Are there too many exemptions in public records law?

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PORTLAND, Ore. (KOIN) — Is Oregon transparent enough in its disclosure of public records?

According to Attorney General Ellen Rosenblum, the answer is no.

Oregon first enacted a law pertaining to the disclosure of public records in 1973. Now, thanks to a push by Rosenblum, a special task force will look into whether the public records law has too many exemptions and loopholes that make it easy for government entities not to release information in a timely manner.

“We’re really glad Attorney General Ellen Rosenblum is convening this group and driving everything forward,” David Rosenfeld with the Oregon State Public Interest Research Group said.

Attorney General Ellen Rosenblum makes remarks during a debate in Portland, Ore. (AP Photo/Rick Bowmer)

OSPIRG, a consumer group, relies on access to government records to act in the public interest. But they’re not alone: numerous groups, activists and investigative journalists across the state utilize public records to bring serious issues out into the open.

At KOIN 6 News, public records requests helped Dan Tilkin expose overspending on the Portland Bureau of Environmental Services building. But not before the city charged over $120 for someone to stand by while he sifted through records.

The city also asked for another $669 for an entirely different story and request from the water bureau.

And remember when KOIN 6 News exposed issues with the elephant display at the Oregon Zoo? Metro wanted $17,000 to release the information.

“We just don’t agree fundamentally with that,” Rosenfeld said. “We think that if you’re a public servant it is of the utmost importance that you have systems in place to be able to easily give any piece of information to a member of the public about the inner workings of government.”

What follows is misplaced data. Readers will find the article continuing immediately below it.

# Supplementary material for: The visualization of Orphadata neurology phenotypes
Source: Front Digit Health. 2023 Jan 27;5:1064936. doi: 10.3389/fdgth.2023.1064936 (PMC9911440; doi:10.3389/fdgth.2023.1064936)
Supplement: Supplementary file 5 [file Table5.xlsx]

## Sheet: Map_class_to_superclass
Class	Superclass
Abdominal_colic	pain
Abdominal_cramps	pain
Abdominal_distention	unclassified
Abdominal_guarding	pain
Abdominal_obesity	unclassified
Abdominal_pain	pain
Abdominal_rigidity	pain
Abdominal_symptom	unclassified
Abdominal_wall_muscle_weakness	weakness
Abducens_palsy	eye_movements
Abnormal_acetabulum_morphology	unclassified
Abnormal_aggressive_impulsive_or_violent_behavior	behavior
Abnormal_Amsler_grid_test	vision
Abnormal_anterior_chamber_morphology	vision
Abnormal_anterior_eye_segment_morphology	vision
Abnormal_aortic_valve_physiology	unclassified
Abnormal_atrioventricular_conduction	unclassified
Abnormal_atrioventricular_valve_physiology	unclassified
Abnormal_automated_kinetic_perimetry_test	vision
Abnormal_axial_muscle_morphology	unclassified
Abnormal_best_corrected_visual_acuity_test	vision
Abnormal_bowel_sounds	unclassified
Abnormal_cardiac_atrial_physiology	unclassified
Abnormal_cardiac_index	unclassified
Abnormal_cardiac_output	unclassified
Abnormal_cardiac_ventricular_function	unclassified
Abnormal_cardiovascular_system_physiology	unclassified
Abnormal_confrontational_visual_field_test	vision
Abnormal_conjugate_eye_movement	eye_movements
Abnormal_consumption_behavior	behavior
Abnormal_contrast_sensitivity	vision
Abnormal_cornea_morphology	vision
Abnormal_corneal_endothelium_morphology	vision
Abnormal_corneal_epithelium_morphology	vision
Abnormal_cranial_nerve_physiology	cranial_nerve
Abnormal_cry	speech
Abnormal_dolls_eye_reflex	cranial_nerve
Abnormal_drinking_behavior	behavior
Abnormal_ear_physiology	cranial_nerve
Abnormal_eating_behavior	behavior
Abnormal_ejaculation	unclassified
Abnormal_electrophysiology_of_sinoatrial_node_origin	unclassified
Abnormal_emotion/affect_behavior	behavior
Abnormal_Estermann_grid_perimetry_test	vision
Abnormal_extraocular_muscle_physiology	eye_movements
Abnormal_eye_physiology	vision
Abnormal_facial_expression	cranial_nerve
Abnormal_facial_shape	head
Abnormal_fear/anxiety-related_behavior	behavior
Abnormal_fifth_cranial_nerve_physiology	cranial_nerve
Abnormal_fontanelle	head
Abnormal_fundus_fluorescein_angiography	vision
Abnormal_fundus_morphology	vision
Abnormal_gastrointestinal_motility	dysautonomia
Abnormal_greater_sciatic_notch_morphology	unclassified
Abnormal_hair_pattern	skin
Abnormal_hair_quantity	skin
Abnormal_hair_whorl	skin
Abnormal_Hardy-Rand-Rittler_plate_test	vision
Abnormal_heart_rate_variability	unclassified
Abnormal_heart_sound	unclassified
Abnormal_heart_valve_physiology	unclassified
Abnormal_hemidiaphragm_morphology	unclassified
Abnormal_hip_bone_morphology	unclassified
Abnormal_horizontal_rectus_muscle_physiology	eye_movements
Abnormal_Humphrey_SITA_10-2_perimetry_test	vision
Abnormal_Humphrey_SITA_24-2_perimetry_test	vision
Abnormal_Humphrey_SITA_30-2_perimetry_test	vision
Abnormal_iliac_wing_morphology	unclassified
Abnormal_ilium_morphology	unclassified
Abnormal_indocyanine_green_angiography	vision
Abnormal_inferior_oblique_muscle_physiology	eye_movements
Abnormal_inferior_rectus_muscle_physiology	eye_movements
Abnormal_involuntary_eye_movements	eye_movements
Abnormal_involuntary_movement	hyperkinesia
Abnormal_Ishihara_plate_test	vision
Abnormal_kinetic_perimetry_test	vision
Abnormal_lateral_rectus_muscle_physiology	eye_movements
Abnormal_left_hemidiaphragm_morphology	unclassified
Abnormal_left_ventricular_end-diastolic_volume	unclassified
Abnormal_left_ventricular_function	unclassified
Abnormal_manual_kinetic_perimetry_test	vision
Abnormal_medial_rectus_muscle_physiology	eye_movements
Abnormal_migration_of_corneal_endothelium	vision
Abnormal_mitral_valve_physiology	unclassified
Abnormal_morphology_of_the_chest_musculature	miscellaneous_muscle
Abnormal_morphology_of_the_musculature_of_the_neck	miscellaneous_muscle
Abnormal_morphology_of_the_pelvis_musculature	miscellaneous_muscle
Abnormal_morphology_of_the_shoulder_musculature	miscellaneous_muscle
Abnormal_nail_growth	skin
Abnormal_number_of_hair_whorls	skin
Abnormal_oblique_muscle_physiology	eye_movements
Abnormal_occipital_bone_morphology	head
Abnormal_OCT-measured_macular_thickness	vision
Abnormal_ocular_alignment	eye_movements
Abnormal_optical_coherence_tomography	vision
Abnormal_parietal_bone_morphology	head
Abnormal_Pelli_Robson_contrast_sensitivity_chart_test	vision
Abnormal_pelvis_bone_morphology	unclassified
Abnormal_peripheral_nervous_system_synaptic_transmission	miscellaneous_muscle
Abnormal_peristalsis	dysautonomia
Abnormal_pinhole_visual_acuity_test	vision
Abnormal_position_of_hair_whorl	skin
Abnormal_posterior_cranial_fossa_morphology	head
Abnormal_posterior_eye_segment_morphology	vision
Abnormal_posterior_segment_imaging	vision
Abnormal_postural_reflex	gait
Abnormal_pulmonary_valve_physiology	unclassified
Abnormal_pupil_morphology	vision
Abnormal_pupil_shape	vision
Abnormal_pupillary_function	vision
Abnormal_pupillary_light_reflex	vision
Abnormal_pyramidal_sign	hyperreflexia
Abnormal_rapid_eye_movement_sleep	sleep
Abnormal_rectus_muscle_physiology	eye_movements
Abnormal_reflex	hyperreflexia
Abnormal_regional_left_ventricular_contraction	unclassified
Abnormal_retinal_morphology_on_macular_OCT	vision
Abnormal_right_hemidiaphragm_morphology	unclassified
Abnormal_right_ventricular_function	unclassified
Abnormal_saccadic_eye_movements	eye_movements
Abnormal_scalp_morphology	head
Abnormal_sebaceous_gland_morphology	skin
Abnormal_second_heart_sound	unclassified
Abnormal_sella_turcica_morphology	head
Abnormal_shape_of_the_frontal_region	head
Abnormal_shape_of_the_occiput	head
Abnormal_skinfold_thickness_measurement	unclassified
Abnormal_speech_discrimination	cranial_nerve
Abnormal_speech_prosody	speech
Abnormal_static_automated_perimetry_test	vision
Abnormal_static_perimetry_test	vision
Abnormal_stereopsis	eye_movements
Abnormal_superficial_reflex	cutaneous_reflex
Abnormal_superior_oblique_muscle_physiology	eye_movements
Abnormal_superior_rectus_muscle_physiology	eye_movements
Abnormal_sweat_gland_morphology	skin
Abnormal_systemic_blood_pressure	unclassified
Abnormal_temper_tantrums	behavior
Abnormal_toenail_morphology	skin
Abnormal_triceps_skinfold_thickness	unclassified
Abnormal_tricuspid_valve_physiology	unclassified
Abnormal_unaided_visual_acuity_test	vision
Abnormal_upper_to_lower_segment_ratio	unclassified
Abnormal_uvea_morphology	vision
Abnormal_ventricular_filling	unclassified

Rosenfeld is a member of the task force being assembled by the attorney general, who will take recommendations for improving transparency and access to the legislature.

She’s backed by Governor Kate Brown who signed Senate Bill 9 this summer, authorizing the secretary of state to audit state agencies for shortcomings in public records policies.

“With both the audit and the work that we’re doing around the task force, I think it will substantially improve access and transparency to state government records,” Governor Brown said. “I think that’s critically important.”

Rosenfeld says he wants to see the list of public records exemptions cut down from hundreds, to maybe 3 or 4. He also wants to redefine what the phrase “trade secrets” means and to improve access to public records tied to private businesses that work with the government.

“The ability of any member of the public to get the business of the government in a timely manner is of the utmost importance,” he said. “Otherwise, democracy doesn’t work.”

The first task force meeting is set for Thursday. KOIN 6 News will continue to follow this story.

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